- Site list
- 2016 site list
- 2015 site list
- 2014 Site list
- 2013 site list
- 2012 site list
- Patch Map
- Bird Reports
- Iconic birds: Skylark
- Stu's sounds of Wanstead
- Butterflies and bugs
- Epping Forest: Its birds. Edward North Buxton (192...
- First/last sightings (2009-14)
19 June 2011
That was May
As predicted May was incredible. Unfortunately none of us were around to see quite how inceredible it was as we all headed for somewhere else. I went to Dorset, Norfolk and Scotland filthy year listing; Jono to the US and France; Stuart also went to the US (the southern part); and Tim to China - and by all accounts a good time was had by all. And that was May!
On the few occasions when anybody could be arsed enough to go out and look there were very few highlights, and here they are:
Yellow Wagtail put in appearances, or probably more likely were heard flying over - though two did actually ground (1st, 2nd, 4th, 5th and 11th May). One of which would have been a great photo op. if I had had the camera out, switched on and not with the strap in front of the lens before it flew off. A Grey Wagtail also dropped in on Alex on the 1st. Meadow Pipit continued to display throughout the month, but perhaps wouldn't have got a mention if not for the fact I managed to not cock-up a picture of one of them.
Wheatear, the best of the spring migrants, lasted until the 4th and now we wait for the end of August for their return. Of the Summer residents Common Whitethroat have been the most obvious and vocal, by the end of the month their numbers were swollen by hungry mouths and virtually every bush you looked at had one peering back at you. Garden Warbler numbers peaked at 4 by the Shoulder of Mutton on the 3rd and then became harder to find, but Reed Warblers started popping up all over the place (one even in the middle of the broom fields).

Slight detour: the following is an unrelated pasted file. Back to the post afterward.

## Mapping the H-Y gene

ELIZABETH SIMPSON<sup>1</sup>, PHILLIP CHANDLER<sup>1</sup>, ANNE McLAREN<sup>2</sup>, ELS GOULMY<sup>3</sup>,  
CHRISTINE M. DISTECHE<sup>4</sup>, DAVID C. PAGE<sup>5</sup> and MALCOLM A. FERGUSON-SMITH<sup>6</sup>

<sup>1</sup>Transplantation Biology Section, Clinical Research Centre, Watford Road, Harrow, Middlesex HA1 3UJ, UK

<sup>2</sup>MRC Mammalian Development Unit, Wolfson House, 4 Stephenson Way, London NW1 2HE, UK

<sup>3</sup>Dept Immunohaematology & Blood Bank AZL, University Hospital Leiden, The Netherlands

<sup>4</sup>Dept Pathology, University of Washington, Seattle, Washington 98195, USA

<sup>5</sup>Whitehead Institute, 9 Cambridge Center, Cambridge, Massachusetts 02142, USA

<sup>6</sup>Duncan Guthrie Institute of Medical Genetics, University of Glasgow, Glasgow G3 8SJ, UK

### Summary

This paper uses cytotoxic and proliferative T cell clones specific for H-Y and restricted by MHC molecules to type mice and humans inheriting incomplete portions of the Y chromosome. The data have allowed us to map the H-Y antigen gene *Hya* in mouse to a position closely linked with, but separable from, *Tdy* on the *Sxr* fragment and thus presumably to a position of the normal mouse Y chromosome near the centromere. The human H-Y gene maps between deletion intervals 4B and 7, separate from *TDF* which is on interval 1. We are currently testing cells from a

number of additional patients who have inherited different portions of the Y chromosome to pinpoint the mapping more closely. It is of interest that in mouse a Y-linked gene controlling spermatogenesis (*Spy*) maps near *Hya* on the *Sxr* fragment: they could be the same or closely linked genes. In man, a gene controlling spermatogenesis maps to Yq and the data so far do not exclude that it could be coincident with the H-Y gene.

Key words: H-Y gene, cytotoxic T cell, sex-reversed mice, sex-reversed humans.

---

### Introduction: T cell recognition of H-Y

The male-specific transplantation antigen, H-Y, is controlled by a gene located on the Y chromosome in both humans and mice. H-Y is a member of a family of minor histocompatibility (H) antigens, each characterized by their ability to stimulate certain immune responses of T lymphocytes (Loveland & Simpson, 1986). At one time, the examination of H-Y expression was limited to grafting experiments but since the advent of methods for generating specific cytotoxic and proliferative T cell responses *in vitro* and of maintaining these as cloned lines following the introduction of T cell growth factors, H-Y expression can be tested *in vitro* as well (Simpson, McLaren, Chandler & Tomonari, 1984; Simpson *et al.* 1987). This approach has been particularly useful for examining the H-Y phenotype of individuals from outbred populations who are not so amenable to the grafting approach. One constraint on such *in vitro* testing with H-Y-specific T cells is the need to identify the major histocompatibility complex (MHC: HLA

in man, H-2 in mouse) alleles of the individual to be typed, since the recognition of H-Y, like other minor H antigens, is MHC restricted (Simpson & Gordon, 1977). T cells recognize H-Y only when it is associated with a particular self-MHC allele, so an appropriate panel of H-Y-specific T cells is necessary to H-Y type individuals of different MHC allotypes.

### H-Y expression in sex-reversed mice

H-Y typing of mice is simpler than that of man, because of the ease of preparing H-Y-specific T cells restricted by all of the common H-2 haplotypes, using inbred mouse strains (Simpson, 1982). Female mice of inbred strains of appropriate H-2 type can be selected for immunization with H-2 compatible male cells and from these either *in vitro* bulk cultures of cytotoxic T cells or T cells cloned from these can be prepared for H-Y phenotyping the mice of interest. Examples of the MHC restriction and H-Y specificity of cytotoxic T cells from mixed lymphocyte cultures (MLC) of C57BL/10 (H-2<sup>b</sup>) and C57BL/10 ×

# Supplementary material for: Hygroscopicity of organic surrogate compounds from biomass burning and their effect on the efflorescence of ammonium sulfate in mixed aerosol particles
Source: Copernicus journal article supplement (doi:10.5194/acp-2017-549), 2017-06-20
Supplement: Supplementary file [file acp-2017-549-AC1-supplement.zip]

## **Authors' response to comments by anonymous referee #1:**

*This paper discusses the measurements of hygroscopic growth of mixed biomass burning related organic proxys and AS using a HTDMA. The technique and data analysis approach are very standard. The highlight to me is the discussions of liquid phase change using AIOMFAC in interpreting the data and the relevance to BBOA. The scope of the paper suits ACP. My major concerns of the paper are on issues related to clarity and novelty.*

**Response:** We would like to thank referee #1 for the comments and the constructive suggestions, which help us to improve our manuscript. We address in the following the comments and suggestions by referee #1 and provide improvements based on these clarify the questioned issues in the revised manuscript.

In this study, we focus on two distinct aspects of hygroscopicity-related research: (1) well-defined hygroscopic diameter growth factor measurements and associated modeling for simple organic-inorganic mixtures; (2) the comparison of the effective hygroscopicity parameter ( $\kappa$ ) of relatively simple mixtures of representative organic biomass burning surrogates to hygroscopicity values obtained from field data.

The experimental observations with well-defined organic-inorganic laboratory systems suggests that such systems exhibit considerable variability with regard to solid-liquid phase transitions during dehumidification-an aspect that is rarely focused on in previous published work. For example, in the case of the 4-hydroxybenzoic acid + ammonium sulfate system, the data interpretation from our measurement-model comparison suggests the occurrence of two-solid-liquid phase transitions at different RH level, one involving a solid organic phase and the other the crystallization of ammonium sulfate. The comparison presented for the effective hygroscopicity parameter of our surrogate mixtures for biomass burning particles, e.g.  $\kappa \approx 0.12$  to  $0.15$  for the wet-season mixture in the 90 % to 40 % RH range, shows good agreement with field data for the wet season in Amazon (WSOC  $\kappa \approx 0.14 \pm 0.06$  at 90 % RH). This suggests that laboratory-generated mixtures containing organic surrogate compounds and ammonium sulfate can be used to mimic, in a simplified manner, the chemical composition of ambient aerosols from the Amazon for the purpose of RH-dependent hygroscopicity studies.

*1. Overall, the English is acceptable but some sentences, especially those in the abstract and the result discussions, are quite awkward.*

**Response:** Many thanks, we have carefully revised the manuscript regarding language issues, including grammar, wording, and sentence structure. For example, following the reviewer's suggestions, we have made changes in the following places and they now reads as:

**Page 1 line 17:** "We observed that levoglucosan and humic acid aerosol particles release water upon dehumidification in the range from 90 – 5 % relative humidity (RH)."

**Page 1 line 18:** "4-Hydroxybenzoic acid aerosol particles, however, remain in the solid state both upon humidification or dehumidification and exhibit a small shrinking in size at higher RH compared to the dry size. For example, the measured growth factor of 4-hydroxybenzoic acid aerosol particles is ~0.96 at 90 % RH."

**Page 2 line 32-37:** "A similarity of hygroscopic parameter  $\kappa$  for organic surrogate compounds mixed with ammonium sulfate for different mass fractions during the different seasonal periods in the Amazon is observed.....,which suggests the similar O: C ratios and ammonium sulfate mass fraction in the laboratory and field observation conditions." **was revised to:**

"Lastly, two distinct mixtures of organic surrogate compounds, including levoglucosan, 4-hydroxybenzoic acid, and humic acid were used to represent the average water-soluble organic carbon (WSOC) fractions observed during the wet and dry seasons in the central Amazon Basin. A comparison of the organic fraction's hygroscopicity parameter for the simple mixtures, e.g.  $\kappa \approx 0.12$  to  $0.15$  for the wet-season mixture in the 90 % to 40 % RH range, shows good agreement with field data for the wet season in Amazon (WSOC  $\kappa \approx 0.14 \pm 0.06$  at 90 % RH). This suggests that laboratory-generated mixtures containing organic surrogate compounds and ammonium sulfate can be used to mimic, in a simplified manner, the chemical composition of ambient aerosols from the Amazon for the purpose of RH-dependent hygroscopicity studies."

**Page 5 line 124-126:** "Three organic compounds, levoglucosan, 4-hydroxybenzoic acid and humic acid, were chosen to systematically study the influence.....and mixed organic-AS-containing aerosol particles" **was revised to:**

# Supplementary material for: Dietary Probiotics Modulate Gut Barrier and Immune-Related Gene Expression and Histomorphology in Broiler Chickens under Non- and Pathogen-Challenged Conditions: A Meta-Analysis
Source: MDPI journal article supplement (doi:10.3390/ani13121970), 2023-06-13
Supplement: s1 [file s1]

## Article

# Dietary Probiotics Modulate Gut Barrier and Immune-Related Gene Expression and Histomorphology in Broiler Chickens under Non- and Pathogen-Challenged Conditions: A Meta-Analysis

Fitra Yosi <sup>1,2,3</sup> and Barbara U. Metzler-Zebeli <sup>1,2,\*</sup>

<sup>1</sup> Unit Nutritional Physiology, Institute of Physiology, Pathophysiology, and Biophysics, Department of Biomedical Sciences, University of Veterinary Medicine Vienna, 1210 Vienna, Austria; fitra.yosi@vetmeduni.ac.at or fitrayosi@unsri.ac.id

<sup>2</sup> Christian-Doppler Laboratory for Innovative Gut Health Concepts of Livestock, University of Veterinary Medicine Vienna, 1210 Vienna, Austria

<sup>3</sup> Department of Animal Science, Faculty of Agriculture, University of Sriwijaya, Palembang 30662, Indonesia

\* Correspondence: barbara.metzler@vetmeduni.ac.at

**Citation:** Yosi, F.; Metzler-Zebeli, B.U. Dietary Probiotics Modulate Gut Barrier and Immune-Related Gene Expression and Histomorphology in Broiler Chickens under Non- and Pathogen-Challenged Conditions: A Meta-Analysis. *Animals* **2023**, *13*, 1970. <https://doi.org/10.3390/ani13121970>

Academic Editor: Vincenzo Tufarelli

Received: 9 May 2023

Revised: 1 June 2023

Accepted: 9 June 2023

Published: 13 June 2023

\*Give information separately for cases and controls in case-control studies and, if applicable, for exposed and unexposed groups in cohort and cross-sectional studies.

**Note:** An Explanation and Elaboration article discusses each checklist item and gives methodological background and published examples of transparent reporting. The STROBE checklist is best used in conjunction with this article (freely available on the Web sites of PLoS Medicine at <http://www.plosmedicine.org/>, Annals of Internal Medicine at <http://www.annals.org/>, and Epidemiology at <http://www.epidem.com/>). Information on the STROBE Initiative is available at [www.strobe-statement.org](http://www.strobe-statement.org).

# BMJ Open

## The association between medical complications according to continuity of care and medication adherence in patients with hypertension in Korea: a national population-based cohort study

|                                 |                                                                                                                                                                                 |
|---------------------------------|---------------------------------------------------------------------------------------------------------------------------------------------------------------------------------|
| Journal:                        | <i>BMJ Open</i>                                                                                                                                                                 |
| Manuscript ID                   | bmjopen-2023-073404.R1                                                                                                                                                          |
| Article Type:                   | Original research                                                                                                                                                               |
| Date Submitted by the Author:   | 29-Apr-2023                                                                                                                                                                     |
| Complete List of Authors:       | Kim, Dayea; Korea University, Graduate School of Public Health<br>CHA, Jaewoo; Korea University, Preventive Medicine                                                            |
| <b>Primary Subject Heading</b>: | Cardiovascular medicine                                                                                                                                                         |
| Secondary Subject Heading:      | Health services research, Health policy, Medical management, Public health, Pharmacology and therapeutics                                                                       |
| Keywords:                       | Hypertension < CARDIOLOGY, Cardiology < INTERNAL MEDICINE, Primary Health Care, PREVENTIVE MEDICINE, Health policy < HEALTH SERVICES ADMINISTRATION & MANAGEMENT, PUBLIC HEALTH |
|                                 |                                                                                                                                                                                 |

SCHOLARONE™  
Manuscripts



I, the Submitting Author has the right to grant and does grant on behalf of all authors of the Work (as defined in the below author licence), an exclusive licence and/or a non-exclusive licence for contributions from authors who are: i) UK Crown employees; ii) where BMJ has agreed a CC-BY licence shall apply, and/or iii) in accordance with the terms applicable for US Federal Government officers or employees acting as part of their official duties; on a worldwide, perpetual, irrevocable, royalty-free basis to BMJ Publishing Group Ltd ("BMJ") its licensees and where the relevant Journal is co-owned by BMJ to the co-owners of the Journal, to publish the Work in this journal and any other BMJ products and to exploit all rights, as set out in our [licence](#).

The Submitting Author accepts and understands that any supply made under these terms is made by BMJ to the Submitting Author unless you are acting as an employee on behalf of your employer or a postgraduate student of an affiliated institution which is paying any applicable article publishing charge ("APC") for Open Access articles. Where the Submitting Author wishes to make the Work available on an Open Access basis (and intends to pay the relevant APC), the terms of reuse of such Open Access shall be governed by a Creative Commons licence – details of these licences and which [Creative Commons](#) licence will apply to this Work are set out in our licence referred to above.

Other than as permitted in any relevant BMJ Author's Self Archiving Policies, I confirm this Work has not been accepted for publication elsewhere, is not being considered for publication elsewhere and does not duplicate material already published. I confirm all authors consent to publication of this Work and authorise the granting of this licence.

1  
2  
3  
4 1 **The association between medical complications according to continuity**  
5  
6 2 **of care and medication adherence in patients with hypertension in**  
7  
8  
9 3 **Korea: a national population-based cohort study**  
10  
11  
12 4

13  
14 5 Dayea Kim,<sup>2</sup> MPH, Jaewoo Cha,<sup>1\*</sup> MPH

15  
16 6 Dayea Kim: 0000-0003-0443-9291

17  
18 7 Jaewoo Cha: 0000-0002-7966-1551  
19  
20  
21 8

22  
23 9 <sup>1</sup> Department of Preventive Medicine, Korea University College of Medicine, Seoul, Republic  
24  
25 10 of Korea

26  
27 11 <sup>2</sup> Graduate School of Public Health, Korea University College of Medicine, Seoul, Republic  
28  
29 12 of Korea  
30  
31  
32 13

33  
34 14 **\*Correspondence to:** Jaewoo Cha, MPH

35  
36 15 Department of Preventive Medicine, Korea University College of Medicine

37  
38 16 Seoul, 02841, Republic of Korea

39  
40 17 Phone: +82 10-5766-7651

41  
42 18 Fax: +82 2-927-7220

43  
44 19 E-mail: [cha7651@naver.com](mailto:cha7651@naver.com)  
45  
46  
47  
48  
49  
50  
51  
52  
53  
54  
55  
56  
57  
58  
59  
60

Swallow movement continued throughout the month in ones or twos after a major movement through on the 3rd (50+ birds heading North). Mid May also saw one day of high House Martin movement when 30 + birds were seen feeding round the copse on the flats. Sand Martin reached a high of 16 on Heronry on the 11th, while Swift numbers ebbed and flowed with large feeding parties to be found over the woods and Alex on several days.
Marco Johnson notched up the only new bird for the month, with a Spotted Flycatcher in Centre Copse on the 28th thus spoiling the summer wait for the rest of us. Mr Fisher got one flying over the Shoulder of Mutton the next day. A possible Pied Flycatcher was seen my me, flying into an ash tree on the golf course on the 5th, but unfortunately I could not locate it again.
Other migrants included Linnet, ones and twos over the flats and on the 3rd a flock of what I suspect were Brent Goose flying north, though I only got the rear end which showed enough to suggest that these were not Canadas. At the end of the month a patch mega, a Red-Breasted Goose that chose to stay a week on the Alex in the company of the Greylags. Smart bird whose credentials were impeccable, not ringed and er... ... really, really wild.
Of the wintering birds 2 Common Gull (1st calendar year) tarried round Alex, soaking up the sun and pieces of sodden bread till about the 10th. A couple of Pochard made an appearance on the 2nd while in the Park the Egyptians hatched 6 eggs only to lose all the chicks by the end of day 2. Meanwhile the Great Crested Grebe were joined by another pair on Heronry, while a fifth bird took up residence on Perch (unfortunately both nests failed and 2 of the birds themselves have disappeared). For all the Little Grebe that have been trilling only 1 chick appears to have been successfully fledged, something it seems is getting to our birds!
The Alex had the only Sandpiper(s) of the month with 1 on the 3rd and 2 on the 7th with one showing well down to a few feet, but with rain in early June I've got high hopes for Bandstand Pond (AKA Angel) hosting returning waders in the near future.
Of the rest: up to the present 5 Greater Spotted Woodpecker nests have been located (mostly in the park), but as been mentioned elsewhere you will be hard pressed to find any numbers of Blackbird, Mistle or Song Thrush young thanks to the long dry spring.
Finally Stu also had a Red Kite over on the 31st, subject of course to the close attention of the local corvid population. June, as they say, started early.